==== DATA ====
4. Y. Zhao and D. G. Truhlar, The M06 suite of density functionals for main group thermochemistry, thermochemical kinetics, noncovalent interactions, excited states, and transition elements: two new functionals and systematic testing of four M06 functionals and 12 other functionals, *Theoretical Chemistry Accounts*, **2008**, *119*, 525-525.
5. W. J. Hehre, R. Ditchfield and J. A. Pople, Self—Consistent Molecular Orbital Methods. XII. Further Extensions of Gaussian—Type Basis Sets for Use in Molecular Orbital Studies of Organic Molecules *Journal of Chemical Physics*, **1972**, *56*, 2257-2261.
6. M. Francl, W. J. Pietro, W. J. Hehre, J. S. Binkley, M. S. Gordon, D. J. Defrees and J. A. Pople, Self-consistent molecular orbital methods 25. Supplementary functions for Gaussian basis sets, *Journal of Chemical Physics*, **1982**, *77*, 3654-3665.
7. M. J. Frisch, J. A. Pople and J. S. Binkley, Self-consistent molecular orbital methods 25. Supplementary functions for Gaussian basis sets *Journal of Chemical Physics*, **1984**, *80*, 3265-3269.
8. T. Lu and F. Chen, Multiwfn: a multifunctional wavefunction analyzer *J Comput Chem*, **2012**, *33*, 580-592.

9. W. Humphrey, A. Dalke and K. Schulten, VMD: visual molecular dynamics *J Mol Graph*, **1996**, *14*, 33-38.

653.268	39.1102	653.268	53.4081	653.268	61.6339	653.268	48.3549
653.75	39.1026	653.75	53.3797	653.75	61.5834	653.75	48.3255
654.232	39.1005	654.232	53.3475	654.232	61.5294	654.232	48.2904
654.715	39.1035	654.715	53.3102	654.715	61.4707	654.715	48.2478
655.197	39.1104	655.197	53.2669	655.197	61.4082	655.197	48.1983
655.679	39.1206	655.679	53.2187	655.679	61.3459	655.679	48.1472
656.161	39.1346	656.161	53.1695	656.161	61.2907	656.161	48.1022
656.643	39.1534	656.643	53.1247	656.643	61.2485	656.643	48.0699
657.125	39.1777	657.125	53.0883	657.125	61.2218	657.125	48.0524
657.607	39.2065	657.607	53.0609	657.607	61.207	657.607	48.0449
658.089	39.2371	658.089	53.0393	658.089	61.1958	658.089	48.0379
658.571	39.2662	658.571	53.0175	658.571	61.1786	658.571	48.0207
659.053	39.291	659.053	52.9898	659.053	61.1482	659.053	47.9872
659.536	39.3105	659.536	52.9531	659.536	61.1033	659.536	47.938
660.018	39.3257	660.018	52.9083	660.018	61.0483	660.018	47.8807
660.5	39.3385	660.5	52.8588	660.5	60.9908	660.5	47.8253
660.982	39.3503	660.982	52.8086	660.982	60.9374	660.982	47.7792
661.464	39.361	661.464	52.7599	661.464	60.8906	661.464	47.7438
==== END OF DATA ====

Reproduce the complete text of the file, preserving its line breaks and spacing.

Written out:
4. Y. Zhao and D. G. Truhlar, The M06 suite of density functionals for main group thermochemistry, thermochemical kinetics, noncovalent interactions, excited states, and transition elements: two new functionals and systematic testing of four M06 functionals and 12 other functionals, *Theoretical Chemistry Accounts*, **2008**, *119*, 525-525.
5. W. J. Hehre, R. Ditchfield and J. A. Pople, Self—Consistent Molecular Orbital Methods. XII. Further Extensions of Gaussian—Type Basis Sets for Use in Molecular Orbital Studies of Organic Molecules *Journal of Chemical Physics*, **1972**, *56*, 2257-2261.
6. M. Francl, W. J. Pietro, W. J. Hehre, J. S. Binkley, M. S. Gordon, D. J. Defrees and J. A. Pople, Self-consistent molecular orbital methods 25. Supplementary functions for Gaussian basis sets, *Journal of Chemical Physics*, **1982**, *77*, 3654-3665.
7. M. J. Frisch, J. A. Pople and J. S. Binkley, Self-consistent molecular orbital methods 25. Supplementary functions for Gaussian basis sets *Journal of Chemical Physics*, **1984**, *80*, 3265-3269.
8. T. Lu and F. Chen, Multiwfn: a multifunctional wavefunction analyzer *J Comput Chem*, **2012**, *33*, 580-592.

9. W. Humphrey, A. Dalke and K. Schulten, VMD: visual molecular dynamics *J Mol Graph*, **1996**, *14*, 33-38.

653.268	39.1102	653.268	53.4081	653.268	61.6339	653.268	48.3549
653.75	39.1026	653.75	53.3797	653.75	61.5834	653.75	48.3255
654.232	39.1005	654.232	53.3475	654.232	61.5294	654.232	48.2904
654.715	39.1035	654.715	53.3102	654.715	61.4707	654.715	48.2478
655.197	39.1104	655.197	53.2669	655.197	61.4082	655.197	48.1983
655.679	39.1206	655.679	53.2187	655.679	61.3459	655.679	48.1472
656.161	39.1346	656.161	53.1695	656.161	61.2907	656.161	48.1022
656.643	39.1534	656.643	53.1247	656.643	61.2485	656.643	48.0699
657.125	39.1777	657.125	53.0883	657.125	61.2218	657.125	48.0524
657.607	39.2065	657.607	53.0609	657.607	61.207	657.607	48.0449
658.089	39.2371	658.089	53.0393	658.089	61.1958	658.089	48.0379
658.571	39.2662	658.571	53.0175	658.571	61.1786	658.571	48.0207
659.053	39.291	659.053	52.9898	659.053	61.1482	659.053	47.9872
659.536	39.3105	659.536	52.9531	659.536	61.1033	659.536	47.938
660.018	39.3257	660.018	52.9083	660.018	61.0483	660.018	47.8807
660.5	39.3385	660.5	52.8588	660.5	60.9908	660.5	47.8253
660.982	39.3503	660.982	52.8086	660.982	60.9374	660.982	47.7792
661.464	39.361	661.464	52.7599	661.464	60.8906	661.464	47.7438